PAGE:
Last week on the Hearts through History RWA loop, a casual reference to the 1900 Olympics in Paris noted that tug-of-war was part of the competition.
1908 U.S. tug-of-war team
Talk about intriguing.
I had no idea that tug-of-war was once an Olympic sport. To be honest, I assumed it wasn't played anywhere but on playgrounds, college campuses and family picnic areas.
Curious about this bygone sport, I spent a few days researching tug-of-war, and its gold medal history, spending a lot of time on the official websites of the Olympic movement and the site of the Tug-of-War International Federation.
Yep, there's an international federation.
For those who might not know (I know you know, but my journalistic training demands I explain the sport) tug-of-war is played when opposing teams, somewhat equal in number and weight, grab hold of either end of a rope suspended over a hazard of some sort, i.e. water or mud (history suggests Vikings played tug-of-war over the campfire). At a signal, both teams tug on the rope, trying to pull the other team into the hazard.
A few facts about the 1900 Olympics:
- Events were held in Paris as part of the 1900 World’s Fair and were so under-promoted that not all 997 athletes realized they were taking part in Olympic competitions. Overall, only 375 tickets were sold.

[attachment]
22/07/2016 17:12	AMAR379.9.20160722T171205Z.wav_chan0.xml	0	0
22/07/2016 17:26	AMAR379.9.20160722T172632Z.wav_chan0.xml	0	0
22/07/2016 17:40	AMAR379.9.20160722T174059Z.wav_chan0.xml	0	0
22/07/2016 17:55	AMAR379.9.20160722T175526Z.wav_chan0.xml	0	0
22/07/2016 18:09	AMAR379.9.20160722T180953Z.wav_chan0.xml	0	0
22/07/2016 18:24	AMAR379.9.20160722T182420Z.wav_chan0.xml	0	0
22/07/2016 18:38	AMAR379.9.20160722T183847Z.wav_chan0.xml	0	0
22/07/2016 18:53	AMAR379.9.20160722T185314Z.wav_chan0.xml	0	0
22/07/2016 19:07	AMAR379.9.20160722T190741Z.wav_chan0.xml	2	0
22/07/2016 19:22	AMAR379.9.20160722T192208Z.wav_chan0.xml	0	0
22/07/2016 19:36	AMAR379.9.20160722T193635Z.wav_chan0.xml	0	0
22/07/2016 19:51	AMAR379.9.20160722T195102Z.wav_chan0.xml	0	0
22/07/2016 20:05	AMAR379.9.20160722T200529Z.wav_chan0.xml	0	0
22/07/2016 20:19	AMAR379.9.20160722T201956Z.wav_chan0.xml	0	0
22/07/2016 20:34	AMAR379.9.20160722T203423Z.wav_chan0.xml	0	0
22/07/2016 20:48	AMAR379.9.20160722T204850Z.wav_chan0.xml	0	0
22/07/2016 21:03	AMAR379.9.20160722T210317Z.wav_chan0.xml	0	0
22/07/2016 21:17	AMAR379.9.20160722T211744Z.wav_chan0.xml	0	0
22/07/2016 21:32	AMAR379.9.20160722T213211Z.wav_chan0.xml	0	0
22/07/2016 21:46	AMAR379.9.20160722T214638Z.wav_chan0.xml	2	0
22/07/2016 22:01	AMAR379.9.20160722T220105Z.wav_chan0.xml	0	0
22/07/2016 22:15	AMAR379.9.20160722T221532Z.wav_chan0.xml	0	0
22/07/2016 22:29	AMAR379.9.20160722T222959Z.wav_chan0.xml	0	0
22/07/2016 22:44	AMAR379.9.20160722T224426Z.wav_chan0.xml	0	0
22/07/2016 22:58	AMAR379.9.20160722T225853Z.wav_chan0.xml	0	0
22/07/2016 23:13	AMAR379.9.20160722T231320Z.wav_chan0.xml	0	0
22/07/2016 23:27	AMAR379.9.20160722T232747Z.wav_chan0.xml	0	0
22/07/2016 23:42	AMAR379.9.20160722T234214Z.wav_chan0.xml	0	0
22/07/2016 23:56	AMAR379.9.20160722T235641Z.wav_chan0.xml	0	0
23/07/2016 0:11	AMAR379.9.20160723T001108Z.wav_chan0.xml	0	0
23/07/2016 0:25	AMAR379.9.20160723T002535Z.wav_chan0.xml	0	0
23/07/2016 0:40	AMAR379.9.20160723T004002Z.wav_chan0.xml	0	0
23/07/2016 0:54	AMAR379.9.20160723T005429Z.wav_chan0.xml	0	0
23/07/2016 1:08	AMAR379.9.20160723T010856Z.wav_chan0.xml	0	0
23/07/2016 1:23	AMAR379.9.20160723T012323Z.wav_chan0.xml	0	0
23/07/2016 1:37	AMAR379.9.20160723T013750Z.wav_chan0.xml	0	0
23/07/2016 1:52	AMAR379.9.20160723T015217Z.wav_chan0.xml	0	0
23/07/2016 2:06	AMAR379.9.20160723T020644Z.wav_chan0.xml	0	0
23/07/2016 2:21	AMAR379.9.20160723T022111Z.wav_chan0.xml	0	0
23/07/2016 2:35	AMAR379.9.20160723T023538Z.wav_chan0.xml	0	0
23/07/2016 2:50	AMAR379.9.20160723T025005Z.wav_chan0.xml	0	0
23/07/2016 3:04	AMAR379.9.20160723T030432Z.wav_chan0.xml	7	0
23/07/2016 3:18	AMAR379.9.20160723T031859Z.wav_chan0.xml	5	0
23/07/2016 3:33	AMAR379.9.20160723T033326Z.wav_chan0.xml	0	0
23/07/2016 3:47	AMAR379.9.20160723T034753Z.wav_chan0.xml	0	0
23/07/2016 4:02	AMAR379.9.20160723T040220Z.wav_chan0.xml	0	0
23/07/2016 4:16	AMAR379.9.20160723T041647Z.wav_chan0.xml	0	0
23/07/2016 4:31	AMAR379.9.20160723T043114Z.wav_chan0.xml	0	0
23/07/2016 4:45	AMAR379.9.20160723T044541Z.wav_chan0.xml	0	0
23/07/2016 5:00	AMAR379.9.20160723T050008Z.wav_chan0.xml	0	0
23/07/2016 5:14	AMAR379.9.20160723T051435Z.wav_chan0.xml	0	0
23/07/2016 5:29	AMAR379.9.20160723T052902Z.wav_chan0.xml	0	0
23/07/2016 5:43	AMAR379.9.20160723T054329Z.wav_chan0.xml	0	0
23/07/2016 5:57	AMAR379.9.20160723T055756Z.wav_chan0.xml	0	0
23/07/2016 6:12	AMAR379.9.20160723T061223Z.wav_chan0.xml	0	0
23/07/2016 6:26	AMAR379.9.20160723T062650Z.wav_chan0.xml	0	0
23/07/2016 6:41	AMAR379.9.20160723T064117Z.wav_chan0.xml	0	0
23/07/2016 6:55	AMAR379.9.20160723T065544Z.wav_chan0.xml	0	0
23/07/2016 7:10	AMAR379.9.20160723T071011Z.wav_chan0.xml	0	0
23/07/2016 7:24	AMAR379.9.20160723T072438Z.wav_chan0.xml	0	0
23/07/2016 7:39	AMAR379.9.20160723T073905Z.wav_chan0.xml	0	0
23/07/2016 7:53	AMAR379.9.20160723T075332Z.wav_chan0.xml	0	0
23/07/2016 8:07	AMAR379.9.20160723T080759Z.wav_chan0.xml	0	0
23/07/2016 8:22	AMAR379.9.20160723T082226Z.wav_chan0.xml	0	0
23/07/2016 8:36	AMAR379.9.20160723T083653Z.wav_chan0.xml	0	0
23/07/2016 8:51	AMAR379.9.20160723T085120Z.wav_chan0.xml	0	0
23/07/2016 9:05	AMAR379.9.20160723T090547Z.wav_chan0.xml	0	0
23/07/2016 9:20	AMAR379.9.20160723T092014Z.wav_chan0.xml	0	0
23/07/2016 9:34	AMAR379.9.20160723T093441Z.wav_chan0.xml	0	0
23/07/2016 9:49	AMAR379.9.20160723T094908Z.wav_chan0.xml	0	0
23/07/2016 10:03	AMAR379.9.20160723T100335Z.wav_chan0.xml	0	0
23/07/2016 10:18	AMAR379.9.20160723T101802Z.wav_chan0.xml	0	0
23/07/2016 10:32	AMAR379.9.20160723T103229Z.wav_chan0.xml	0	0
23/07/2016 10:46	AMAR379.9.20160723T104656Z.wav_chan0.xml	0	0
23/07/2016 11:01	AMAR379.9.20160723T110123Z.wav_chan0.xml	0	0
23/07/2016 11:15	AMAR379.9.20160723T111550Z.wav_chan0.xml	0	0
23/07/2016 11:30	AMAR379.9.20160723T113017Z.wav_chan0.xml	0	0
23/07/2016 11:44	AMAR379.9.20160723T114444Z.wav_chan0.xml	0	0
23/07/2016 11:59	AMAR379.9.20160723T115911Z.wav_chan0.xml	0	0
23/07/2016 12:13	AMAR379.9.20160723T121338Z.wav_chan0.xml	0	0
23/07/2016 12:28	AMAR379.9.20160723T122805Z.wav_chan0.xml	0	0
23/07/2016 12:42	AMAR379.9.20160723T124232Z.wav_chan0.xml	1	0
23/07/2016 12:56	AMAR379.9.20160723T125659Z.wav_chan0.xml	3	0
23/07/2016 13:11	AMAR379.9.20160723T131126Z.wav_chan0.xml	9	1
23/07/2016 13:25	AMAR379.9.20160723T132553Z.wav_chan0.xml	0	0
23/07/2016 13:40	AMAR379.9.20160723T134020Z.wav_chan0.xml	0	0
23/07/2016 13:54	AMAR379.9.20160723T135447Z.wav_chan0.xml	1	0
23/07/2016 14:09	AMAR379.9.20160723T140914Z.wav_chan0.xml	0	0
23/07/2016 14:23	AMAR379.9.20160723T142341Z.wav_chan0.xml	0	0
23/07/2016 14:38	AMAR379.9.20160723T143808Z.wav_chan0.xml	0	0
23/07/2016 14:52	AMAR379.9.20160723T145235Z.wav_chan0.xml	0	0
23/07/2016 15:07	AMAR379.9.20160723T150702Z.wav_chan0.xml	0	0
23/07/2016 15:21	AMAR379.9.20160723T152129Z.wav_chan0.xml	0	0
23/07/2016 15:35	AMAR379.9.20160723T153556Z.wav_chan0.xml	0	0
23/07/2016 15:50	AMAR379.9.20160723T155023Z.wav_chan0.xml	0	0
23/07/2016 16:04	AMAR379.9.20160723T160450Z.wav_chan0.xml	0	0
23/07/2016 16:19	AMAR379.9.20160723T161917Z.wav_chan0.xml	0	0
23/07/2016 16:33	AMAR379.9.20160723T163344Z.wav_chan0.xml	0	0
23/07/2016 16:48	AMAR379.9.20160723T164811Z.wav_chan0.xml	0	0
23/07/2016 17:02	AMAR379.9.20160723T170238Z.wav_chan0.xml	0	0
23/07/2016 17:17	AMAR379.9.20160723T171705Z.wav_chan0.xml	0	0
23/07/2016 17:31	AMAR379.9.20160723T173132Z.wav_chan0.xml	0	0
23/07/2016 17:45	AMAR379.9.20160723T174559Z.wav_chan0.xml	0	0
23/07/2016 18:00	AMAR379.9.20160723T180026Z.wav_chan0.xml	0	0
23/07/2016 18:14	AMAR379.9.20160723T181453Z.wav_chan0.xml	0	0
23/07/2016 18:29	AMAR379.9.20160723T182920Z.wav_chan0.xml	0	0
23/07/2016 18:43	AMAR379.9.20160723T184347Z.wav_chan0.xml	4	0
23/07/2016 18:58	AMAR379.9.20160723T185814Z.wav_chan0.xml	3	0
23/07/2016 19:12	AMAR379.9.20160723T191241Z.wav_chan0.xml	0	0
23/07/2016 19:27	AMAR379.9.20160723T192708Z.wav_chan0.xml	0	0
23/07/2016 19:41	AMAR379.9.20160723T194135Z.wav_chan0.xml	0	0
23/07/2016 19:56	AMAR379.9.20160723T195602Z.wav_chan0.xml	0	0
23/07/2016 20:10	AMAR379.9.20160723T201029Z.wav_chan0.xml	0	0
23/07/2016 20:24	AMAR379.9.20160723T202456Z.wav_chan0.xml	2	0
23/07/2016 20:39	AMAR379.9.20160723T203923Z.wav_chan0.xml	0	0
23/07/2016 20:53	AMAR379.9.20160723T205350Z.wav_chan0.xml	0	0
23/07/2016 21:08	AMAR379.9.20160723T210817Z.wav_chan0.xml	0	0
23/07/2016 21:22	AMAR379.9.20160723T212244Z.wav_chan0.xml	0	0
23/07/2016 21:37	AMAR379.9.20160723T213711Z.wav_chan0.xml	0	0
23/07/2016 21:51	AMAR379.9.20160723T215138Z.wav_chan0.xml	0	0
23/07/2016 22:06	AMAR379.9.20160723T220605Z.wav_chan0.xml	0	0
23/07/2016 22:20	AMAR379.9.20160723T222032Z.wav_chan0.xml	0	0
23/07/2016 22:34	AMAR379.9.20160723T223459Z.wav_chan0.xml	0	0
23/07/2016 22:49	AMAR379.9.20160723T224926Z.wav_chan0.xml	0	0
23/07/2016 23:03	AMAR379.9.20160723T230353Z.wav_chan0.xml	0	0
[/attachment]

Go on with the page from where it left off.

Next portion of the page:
- Organizers didn't hold an opening ceremony. Events began May 14 and ended Oct. 28.
- Women competed for the first time in these games. The first women's competition? Croquet.
- Mixed teams (not gender but nationality) completed in five sports, including tennis and tug-of-war.
- Tug-of-war made its debut as an Olympic competition. Other sports:
- Artistic gymnastics (which included pole vaulting)
- Athletics: combined, field, road (cross-country) and track
- Basque Pelota (think team racquet ball played across a net and you’ve got the general idea)
- Equestrian, jumping
- Football (soccer)
- Water Polo
Only two teams competed in the tug-of-war competition on May 14. Winner was the best of three, and a Danish/Swiss team competed against a French team and won 2-0. This was Sweden’s first gold medal.
During the 2004 Olympics in Saint Louis, six teams competed, four from the host nation. U.S. teams won all three medals. At the time, clubs fielded tug-of-war teams, so there wasn’t a national team from any country. In the 1908 London games, British teams won the gold, silver and bronze. According to the BBC, the final match was between two English teams comprised of policemen, with the London police team beating Liverpool's police team.
Tug-of-War was dropped from the Olympic games after 1920. But the Olympics were hardly the beginning or the end of the sport, which dates back thousands of years. Egyptians played tug-of-war, as did the ancient Greeks, the Vikings and other sea-faring nations. It's still a popular sport in India, Europe and South Africa where the 2010 Tug-of-War Championships were held in Pretoria.
Coming up: the International Tug-of-War conference is scheduled for January 2011 in Taipei. If that’s too far to travel, The European tug-of-war championship will be played in September 2011.